The balance sheet of New Zealand’s biggest company, Fonterra, could come under “acute” pressure quickly, chairman Sir Henry van der Heyden told thousands of its shareholders today at meetings to vote on a critical change to capital structure.
The result of the cooperative’s farmer-owners’ vote on whether to introduce share trading between farmers will be announced imminently.
Fonterra directors need a 75 per cent vote of approval for share trading so the company can stop having to pay cash out to farmers exiting or reducing their milk supply.
Shares in the giant dairy company are linked to milk supply and hundreds of millions of dollars have flowed in and out of its balance sheet in recent years, because of drought.
Share trading is the third leg of a capital restructure. Two earlier more minor steps have been approved by Fonterra’s 10,500 shareholders.
Sir Henry said when Fonterra was created from a huge industry merger nine years ago it was known its capital structure would have to change one day because the balance sheet would come under pressure.
“New Zealand’s milk supply can’t just keep on growing at the same pace it has been forever. Also there are physical limits to the expansion of dairying, and alternative land uses may take some land out of dairying in years to come,” he told shareholders in Palmerston North this morning in a speech televised to six other meetings around the country.
“If there’s a limited pool of milk, other processors will always want a slice of the action, and we may see some well-capitalised competitors from overseas competing with us for milk.
“The cold hard reality is that there’s every chance our co-op will have periods of lower growth in our milk stage.....and with the current capital structure.. Fonterra’s balance sheet could come under acute pressure.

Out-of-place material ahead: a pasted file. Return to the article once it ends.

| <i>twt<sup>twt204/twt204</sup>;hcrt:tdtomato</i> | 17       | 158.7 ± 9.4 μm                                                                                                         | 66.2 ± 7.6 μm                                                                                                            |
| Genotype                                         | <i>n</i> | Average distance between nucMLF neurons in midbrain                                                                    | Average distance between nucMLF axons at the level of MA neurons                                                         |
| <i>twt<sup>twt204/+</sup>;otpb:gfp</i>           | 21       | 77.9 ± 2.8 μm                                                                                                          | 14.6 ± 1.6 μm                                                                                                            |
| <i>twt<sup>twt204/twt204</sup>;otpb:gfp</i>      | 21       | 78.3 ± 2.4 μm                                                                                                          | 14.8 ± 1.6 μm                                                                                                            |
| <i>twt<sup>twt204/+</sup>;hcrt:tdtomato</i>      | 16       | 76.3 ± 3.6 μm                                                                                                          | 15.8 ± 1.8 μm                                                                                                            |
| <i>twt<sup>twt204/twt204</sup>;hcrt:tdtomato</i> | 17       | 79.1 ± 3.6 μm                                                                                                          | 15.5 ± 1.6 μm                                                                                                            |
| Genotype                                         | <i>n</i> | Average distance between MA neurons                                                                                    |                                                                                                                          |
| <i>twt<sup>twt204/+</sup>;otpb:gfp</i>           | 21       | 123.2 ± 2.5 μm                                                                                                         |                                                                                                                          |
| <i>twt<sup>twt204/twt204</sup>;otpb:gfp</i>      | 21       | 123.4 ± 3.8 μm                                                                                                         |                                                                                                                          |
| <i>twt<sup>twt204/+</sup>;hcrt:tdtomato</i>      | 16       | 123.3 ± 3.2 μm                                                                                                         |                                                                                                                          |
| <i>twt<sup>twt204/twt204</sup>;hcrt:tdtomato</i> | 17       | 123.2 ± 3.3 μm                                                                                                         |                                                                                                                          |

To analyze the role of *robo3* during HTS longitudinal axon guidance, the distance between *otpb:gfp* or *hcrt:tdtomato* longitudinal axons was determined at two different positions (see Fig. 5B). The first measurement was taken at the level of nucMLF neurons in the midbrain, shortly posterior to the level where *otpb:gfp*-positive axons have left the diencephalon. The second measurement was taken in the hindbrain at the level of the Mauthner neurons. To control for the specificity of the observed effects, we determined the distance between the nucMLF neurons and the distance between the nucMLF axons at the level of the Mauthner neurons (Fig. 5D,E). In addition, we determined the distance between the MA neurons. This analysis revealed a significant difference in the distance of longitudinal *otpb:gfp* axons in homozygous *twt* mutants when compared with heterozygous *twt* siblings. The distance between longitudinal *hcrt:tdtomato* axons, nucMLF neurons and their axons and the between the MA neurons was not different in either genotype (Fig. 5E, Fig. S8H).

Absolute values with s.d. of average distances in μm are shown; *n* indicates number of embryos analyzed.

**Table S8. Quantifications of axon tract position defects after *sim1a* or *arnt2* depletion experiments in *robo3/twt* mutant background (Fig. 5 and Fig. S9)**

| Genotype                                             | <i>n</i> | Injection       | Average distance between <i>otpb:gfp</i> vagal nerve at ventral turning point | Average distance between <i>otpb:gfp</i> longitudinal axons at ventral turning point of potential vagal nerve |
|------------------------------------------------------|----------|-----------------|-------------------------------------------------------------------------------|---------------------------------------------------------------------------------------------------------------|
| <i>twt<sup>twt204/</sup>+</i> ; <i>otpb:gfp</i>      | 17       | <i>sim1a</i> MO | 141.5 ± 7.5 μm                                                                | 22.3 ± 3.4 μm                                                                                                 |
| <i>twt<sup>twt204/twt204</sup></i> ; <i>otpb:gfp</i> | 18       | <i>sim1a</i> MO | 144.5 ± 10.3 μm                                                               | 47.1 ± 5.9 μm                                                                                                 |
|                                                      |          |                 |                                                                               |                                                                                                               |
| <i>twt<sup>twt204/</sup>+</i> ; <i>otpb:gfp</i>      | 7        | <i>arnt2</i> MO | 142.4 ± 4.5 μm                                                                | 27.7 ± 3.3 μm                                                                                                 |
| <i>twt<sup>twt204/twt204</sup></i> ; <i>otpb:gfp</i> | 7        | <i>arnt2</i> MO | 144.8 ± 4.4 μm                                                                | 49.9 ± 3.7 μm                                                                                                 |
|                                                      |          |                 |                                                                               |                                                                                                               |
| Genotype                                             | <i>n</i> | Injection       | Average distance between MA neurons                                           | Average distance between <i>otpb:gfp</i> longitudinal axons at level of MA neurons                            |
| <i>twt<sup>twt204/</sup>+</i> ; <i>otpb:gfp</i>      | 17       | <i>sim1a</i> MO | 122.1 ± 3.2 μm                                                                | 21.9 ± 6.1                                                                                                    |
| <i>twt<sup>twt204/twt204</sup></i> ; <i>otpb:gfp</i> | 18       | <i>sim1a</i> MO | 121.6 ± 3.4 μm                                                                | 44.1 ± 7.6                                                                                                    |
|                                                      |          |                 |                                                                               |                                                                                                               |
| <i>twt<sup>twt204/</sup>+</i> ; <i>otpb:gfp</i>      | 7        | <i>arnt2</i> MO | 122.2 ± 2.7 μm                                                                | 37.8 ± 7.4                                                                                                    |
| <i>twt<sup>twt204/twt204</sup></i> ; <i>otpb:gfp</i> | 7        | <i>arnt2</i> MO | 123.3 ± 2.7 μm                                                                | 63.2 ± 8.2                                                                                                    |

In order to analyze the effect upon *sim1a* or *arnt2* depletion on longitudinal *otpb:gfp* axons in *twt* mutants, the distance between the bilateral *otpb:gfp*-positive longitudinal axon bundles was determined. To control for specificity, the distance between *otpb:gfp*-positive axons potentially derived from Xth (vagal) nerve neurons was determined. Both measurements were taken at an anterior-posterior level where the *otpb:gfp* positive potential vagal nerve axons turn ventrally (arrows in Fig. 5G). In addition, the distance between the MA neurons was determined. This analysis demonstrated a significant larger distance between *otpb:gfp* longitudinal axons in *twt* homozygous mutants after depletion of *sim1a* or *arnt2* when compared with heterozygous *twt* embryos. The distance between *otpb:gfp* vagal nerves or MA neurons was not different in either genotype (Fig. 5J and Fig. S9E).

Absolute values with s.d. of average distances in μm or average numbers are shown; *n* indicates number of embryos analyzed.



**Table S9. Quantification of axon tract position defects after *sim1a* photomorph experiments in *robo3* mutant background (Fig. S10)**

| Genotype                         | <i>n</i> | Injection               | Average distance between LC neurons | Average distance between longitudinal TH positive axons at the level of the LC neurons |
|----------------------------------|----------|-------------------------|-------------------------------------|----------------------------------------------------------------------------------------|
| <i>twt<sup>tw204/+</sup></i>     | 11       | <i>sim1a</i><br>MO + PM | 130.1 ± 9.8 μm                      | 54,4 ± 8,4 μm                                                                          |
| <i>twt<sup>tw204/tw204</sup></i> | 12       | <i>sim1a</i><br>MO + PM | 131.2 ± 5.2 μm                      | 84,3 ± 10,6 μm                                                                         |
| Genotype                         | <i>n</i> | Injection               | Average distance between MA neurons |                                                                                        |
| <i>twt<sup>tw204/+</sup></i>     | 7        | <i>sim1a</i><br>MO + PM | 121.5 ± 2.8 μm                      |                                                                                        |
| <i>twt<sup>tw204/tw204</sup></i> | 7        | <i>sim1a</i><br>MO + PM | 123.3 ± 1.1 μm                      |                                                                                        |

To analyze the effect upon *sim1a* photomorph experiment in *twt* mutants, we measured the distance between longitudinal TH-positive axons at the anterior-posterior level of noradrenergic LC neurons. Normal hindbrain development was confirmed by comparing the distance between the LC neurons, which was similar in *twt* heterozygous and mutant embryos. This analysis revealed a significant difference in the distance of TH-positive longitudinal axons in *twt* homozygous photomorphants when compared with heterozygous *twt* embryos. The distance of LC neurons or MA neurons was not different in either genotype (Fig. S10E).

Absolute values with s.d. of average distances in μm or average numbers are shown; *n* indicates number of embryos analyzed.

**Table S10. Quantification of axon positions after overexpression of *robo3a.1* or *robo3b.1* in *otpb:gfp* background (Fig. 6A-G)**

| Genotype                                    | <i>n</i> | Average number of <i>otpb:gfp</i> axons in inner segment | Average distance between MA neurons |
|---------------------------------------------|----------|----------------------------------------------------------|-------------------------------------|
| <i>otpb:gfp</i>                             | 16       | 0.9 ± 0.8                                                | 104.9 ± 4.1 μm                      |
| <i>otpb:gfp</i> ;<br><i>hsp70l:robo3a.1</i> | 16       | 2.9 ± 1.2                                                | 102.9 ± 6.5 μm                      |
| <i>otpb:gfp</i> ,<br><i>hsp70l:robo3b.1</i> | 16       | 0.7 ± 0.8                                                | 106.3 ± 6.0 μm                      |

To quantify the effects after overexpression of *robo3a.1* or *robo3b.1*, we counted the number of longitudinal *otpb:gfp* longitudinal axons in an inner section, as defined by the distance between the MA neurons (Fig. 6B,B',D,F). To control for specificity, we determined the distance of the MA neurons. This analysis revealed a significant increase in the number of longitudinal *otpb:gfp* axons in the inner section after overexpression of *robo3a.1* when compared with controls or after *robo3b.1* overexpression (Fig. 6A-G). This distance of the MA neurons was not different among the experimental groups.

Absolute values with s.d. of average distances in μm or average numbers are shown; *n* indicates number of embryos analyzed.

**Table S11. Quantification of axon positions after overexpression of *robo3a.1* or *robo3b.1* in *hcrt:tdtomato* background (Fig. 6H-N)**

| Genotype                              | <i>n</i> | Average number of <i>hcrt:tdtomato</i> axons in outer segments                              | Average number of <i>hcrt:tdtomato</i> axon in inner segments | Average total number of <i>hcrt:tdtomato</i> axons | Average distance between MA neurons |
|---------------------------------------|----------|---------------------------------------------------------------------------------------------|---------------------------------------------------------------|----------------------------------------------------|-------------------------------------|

“This could happen quite quickly. And it would be very difficult to fix our capital structure while Fonterra was facing this sort of financial stress.”
Share trading among farmers would also provide permanent capital to pursue the company’s growth ambitions and global strategy and achieve the transparency farmers need about the value of their shares, he said.
The share trading proposal would see Fonterra remaining in the control and ownership of its farmers.
No market listing is being proposed, however the public would be able to buy units in a planned shareholder fund.
The fund will offer cash to farmers for the dividend and value-change rights to their shares, but ownership would be retained by farmers.
Sir Henry said there would be “further evolution” of Fonterra’s capital structure.
“No board can think their company’s capital structure will be static forever. Circumstances change.”
Chief executive Andrew Ferrier told shareholders that with permanent capital Fonterra could “invest with confidence in long-term opportunities and maximise returns for your milk”.
“Right now, we can’t put all of your share capital to work to generate the best returns because some capital has to be kept available in case it’s needed to pay out redemptions. The sheer scale of Fonterra means that this is no small issue.”
Fonterra is the world’s biggest dairy exporter, with a growing brand and business name in some of the world’s most populous and protein-demanding countries, such as Asia, the Middle East and South America.
Last year the company had revenues of $16 billion and earned 22 per cent of New Zealand’s export returns.
Since its formation in 2001 it had invested $6.8 billion, mostly in New Zealand, Mr Ferrier said.
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